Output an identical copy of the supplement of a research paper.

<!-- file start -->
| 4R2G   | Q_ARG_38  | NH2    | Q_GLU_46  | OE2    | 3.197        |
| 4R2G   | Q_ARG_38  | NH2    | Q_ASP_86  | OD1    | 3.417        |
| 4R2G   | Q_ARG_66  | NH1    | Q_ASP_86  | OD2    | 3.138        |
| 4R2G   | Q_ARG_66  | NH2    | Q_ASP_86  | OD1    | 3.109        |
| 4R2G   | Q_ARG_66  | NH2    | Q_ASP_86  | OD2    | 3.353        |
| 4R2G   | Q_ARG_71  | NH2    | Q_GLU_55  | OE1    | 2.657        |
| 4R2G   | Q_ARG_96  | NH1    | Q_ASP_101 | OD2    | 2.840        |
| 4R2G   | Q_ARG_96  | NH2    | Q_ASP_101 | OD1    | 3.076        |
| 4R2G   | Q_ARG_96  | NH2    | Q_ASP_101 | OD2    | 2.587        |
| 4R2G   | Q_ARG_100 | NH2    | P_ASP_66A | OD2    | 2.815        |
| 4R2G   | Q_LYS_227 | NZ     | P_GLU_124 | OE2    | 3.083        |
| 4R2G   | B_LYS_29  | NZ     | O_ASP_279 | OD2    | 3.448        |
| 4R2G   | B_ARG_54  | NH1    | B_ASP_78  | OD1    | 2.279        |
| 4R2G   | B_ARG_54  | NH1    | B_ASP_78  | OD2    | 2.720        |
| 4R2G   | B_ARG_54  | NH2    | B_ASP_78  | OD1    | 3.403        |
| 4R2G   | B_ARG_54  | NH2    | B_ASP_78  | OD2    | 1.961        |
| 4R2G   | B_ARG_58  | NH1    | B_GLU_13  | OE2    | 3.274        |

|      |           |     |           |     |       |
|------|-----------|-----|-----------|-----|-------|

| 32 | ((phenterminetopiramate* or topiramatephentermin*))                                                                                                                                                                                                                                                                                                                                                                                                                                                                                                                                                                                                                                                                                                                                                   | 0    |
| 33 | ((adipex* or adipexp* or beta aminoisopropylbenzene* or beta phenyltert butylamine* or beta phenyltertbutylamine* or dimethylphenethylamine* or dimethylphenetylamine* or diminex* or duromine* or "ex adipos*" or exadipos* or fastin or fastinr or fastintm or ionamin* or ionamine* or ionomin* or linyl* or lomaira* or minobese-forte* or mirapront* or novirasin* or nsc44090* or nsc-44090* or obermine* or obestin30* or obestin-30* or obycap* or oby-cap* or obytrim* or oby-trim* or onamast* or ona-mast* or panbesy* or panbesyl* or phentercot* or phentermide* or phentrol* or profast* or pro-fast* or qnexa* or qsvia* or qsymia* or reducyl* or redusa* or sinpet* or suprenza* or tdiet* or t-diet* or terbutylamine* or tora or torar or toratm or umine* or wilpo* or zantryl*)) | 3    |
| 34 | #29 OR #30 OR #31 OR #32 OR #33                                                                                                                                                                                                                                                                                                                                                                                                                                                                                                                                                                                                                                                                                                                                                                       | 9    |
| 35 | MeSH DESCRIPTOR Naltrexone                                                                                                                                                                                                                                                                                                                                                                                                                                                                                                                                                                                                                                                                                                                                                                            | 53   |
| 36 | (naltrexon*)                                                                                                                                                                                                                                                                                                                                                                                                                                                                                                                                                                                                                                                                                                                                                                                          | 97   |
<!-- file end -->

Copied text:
| 4R2G   | Q_ARG_38  | NH2    | Q_GLU_46  | OE2    | 3.197        |
| 4R2G   | Q_ARG_38  | NH2    | Q_ASP_86  | OD1    | 3.417        |
| 4R2G   | Q_ARG_66  | NH1    | Q_ASP_86  | OD2    | 3.138        |
| 4R2G   | Q_ARG_66  | NH2    | Q_ASP_86  | OD1    | 3.109        |
| 4R2G   | Q_ARG_66  | NH2    | Q_ASP_86  | OD2    | 3.353        |
| 4R2G   | Q_ARG_71  | NH2    | Q_GLU_55  | OE1    | 2.657        |
| 4R2G   | Q_ARG_96  | NH1    | Q_ASP_101 | OD2    | 2.840        |
| 4R2G   | Q_ARG_96  | NH2    | Q_ASP_101 | OD1    | 3.076        |
| 4R2G   | Q_ARG_96  | NH2    | Q_ASP_101 | OD2    | 2.587        |
| 4R2G   | Q_ARG_100 | NH2    | P_ASP_66A | OD2    | 2.815        |
| 4R2G   | Q_LYS_227 | NZ     | P_GLU_124 | OE2    | 3.083        |
| 4R2G   | B_LYS_29  | NZ     | O_ASP_279 | OD2    | 3.448        |
| 4R2G   | B_ARG_54  | NH1    | B_ASP_78  | OD1    | 2.279        |
| 4R2G   | B_ARG_54  | NH1    | B_ASP_78  | OD2    | 2.720        |
| 4R2G   | B_ARG_54  | NH2    | B_ASP_78  | OD1    | 3.403        |
| 4R2G   | B_ARG_54  | NH2    | B_ASP_78  | OD2    | 1.961        |
| 4R2G   | B_ARG_58  | NH1    | B_GLU_13  | OE2    | 3.274        |

|      |           |     |           |     |       |
|------|-----------|-----|-----------|-----|-------|

| 32 | ((phenterminetopiramate* or topiramatephentermin*))                                                                                                                                                                                                                                                                                                                                                                                                                                                                                                                                                                                                                                                                                                                                                   | 0    |
| 33 | ((adipex* or adipexp* or beta aminoisopropylbenzene* or beta phenyltert butylamine* or beta phenyltertbutylamine* or dimethylphenethylamine* or dimethylphenetylamine* or diminex* or duromine* or "ex adipos*" or exadipos* or fastin or fastinr or fastintm or ionamin* or ionamine* or ionomin* or linyl* or lomaira* or minobese-forte* or mirapront* or novirasin* or nsc44090* or nsc-44090* or obermine* or obestin30* or obestin-30* or obycap* or oby-cap* or obytrim* or oby-trim* or onamast* or ona-mast* or panbesy* or panbesyl* or phentercot* or phentermide* or phentrol* or profast* or pro-fast* or qnexa* or qsvia* or qsymia* or reducyl* or redusa* or sinpet* or suprenza* or tdiet* or t-diet* or terbutylamine* or tora or torar or toratm or umine* or wilpo* or zantryl*)) | 3    |
| 34 | #29 OR #30 OR #31 OR #32 OR #33                                                                                                                                                                                                                                                                                                                                                                                                                                                                                                                                                                                                                                                                                                                                                                       | 9    |
| 35 | MeSH DESCRIPTOR Naltrexone                                                                                                                                                                                                                                                                                                                                                                                                                                                                                                                                                                                                                                                                                                                                                                            | 53   |
| 36 | (naltrexon*)                                                                                                                                                                                                                                                                                                                                                                                                                                                                                                                                                                                                                                                                                                                                                                                          | 97   |